77 P.S. § 411(2).

In McCloskey, supra, we focused on the statutory language which provided that this section shall apply to death which results "in whole or in part from the employee's exposure to the hazard of occupational disease" Id., 501 Pa. at 100, 460 A.2d at 240; and we rejected the standard of Consolidation Coal Co. v. Workmen's Compensation Appeal Board, 37 Pa. Commw. 412, 391 A.2d 14 (1978) i.e. that 301(c)(2) requires that death be "immediately caused" by the occupational disease. We also implicitly rejected the rather liberal standard of Evon, supra. which was relied upon in this case by the Commonwealth Court.

The test announced in McCloskey, supra, which we reaffirm today, provides that:

Where there are multiple causes of death and the immediate cause was non-compensable, the requirements of § 301(c)(2) may be met by a showing with unequivocal medical evidence that the deceased suffered from an occupational disease and that it was a substantial, contributing factor among the secondary causes in bringing about death.

501 Pa. 93, 101, 460 A.2d 237, 241.

We are convinced that this standard accurately reflects the intent of the legislature, and balances the competing

[ 506 Pa. Page 108]

    interests of the parties.*fn2 To hold that the occupational disease be the sole or direct cause of the disability or death e.g. Consolidation Coal, supra. is entirely too strict a standard for a claimant to meet, the result being compensation in only the fewest number of cases. On the other hand to say that any contributing cause is sufficient no matter how slight is compensable e.g. Evon, supra. is too heavy a burden to place on industry. Such a standard would effectively reduce the Workmen's Compensation Act to a general health and insurance plan. This limitless liability is clearly not what the framers of § 302(a)(2) had in mind.

We therefore hold that the McCloskey standard shall be applied in those cases involving death benefits under 301(c)(2) of the Workmen's Compensation Act. 77 P.S. § 411(2).*fn3

In light of our disposition, we reverse and remand to the Commonwealth Court for a decision consistent with this opinion.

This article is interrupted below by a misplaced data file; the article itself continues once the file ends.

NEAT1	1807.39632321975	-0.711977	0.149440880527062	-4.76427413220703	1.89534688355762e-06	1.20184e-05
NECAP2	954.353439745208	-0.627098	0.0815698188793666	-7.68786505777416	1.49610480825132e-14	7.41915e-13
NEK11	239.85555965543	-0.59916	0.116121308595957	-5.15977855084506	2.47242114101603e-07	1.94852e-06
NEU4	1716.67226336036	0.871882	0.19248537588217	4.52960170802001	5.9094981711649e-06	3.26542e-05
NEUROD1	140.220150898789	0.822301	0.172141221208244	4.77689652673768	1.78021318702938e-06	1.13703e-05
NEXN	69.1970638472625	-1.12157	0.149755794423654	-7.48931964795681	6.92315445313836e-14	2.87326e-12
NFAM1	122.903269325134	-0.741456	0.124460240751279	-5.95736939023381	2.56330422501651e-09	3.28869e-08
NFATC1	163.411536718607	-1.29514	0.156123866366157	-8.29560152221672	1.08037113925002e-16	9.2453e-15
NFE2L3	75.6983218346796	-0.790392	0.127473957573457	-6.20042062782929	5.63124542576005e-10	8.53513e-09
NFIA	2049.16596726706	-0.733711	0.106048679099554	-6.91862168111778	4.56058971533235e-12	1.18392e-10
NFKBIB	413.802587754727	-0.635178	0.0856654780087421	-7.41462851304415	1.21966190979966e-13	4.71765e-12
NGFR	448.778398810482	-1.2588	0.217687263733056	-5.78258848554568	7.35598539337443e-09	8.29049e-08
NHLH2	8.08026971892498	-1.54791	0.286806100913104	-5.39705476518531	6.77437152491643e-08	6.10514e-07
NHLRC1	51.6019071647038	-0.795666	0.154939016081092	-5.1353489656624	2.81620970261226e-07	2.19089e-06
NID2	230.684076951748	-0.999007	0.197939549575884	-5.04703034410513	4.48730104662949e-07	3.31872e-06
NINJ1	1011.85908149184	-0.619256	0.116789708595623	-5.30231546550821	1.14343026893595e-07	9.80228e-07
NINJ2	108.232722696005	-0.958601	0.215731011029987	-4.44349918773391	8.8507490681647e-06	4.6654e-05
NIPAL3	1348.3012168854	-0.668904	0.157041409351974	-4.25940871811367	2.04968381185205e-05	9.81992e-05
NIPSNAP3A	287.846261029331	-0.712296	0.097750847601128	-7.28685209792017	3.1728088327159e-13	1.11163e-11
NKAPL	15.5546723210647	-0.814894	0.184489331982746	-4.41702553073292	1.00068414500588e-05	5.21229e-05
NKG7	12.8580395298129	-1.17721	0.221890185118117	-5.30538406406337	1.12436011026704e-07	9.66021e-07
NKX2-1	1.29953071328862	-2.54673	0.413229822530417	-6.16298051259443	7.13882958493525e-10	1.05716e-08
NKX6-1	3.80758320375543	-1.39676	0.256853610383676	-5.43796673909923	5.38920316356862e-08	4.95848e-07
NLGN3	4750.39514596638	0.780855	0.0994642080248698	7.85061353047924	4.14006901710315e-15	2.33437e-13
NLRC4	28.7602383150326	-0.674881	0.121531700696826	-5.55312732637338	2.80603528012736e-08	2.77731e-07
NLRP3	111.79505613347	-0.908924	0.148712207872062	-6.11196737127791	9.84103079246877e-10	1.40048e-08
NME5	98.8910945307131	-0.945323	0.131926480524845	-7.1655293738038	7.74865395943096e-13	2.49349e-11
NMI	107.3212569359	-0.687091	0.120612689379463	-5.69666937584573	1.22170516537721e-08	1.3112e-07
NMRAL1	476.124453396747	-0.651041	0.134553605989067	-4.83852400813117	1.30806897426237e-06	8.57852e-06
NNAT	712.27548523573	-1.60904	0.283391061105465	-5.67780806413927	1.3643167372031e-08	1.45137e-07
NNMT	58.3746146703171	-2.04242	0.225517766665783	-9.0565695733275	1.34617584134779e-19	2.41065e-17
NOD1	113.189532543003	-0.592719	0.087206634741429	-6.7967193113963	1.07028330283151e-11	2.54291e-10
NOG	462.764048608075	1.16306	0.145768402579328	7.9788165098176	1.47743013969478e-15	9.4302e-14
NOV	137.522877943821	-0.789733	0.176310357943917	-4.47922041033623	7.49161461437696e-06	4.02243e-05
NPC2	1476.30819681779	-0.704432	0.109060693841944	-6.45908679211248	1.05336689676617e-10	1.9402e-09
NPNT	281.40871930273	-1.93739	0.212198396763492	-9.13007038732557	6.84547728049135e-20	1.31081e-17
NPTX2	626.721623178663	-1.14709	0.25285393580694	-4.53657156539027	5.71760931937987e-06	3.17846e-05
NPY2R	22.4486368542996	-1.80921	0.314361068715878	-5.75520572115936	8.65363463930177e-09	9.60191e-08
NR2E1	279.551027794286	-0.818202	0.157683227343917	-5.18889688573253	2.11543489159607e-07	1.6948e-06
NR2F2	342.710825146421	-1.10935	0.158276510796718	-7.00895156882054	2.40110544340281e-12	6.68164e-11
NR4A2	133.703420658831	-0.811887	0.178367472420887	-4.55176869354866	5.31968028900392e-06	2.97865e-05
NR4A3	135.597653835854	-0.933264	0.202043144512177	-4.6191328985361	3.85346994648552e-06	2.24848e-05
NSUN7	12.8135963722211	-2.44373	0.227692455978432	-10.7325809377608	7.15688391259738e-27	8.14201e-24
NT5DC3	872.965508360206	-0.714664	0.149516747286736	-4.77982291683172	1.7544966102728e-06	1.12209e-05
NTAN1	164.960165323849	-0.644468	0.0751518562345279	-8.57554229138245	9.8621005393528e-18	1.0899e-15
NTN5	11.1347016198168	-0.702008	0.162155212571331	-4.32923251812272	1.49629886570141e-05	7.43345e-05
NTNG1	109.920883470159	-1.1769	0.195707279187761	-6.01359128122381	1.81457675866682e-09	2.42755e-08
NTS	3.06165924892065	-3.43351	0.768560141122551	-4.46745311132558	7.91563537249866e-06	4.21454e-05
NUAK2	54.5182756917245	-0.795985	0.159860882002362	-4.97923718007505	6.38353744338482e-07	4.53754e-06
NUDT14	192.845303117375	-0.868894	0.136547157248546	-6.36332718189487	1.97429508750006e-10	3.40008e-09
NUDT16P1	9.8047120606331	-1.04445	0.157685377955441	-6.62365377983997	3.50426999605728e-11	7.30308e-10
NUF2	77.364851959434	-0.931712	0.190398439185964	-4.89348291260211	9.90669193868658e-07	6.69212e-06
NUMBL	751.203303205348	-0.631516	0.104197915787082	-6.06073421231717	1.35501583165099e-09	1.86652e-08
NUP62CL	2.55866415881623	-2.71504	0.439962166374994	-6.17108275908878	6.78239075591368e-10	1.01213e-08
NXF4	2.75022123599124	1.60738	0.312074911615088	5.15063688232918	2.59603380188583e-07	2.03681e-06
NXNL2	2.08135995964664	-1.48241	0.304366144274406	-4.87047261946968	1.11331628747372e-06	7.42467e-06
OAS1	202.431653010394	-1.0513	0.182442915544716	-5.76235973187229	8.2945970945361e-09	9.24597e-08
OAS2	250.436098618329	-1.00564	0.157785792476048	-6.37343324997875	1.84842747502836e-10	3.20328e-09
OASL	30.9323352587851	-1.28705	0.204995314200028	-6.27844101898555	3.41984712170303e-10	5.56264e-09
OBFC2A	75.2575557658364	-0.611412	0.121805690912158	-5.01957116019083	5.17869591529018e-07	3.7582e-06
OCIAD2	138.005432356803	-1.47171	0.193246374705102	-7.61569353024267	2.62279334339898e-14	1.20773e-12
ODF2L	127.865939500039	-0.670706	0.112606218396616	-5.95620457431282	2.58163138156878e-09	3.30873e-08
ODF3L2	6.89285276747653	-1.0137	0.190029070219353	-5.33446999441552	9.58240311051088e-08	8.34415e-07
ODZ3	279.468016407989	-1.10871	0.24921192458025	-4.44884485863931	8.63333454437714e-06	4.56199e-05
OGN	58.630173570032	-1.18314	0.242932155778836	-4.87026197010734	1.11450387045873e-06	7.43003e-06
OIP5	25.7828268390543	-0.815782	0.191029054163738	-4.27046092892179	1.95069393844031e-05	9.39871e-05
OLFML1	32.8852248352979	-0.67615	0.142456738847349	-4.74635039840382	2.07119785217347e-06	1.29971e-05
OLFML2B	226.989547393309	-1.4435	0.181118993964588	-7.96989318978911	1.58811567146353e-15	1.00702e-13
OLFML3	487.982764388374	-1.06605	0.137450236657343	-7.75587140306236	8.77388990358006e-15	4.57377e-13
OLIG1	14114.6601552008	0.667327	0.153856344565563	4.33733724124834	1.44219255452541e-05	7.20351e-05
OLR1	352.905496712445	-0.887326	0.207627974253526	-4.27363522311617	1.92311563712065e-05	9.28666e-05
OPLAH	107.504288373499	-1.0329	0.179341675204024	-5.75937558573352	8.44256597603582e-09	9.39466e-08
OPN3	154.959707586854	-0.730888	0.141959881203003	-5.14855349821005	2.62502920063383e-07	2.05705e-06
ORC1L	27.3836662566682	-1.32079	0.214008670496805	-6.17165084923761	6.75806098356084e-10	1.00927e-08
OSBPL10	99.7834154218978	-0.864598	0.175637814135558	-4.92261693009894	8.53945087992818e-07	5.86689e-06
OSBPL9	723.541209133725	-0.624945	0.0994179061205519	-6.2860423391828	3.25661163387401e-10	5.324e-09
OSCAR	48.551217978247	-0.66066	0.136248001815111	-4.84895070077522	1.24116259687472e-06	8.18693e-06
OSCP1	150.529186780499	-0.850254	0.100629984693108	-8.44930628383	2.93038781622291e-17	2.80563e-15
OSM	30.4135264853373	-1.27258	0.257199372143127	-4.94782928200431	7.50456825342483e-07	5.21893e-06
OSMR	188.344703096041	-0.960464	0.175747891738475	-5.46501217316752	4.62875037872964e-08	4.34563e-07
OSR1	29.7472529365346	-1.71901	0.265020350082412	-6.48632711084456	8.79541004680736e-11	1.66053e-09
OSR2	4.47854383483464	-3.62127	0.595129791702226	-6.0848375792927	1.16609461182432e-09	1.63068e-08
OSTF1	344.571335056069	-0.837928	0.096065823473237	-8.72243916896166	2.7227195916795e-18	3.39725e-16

[ 506 Pa. Page 109]

LARSEN, Justice, dissenting opinion.

I dissent. The paramount responsibility of this Court, in cases arising under the Workmen's Compensation Act, is to liberally construe and apply its provisions in order to effectuate and implement its remedial nature and humanitarian objectives. Krawchuk v. Philadelphia Electric Co., 497 Pa. 115, 120, 439 A.2d 627 (1981); Statutory Construction Act of 1972, 1 Pa.C.S.A. § 1928(c) (pamphlet 1984-85). I believe that the majority's construction and application of section 301(c)(2) of the Act ignores these remedial and humanitarian objectives and, in so doing, exaggerates the interests of the employer at the expense of the worker.

The majority initially rejects the Commonwealth Court's interpretations of section 301(c)(2), 77 P.S. § 411(2), in Consolidation Coal Co. v. Workmen's Compensation Appeal Board (WCAB), 37 Pa. Commw. 412, 391 A.2d 14 (1978) as "too strict", and in Evon v. WCAB, 70 Pa. Commw. 325, 453 A.2d 55 (1982) as too liberal". In order "to set forth a definitive standard for the determination" of death benefits under section 301(c)(2) of the Act, and to "balance the competing interests" of workers and employers, slip opinion at 2 and 4, the majority adopts the standard of causation announced in Mr. Justice McDermott's opinion (joined only by then -- Mr. Justice, now Mr. Chief Justice Nix) in McCloskey v. WCAB, 501 Pa. 93, 101, 460 A.2d 237, 241 (1983), namely:

Where there are multiple causes of death and the immediate cause was non-compensable, the requirements of § 301(c)(2) may be met by a showing with unequivocal medical evidence that the deceased suffered from an occupational disease and that it was a substantial, contributing factor among the secondary causes in bringing about death.

At ___.

In the abstract, I might accept this standard of causation under section 301(c)(2) as a straightforward and reasonably fair accomodation of the conflicting interests of worker and ...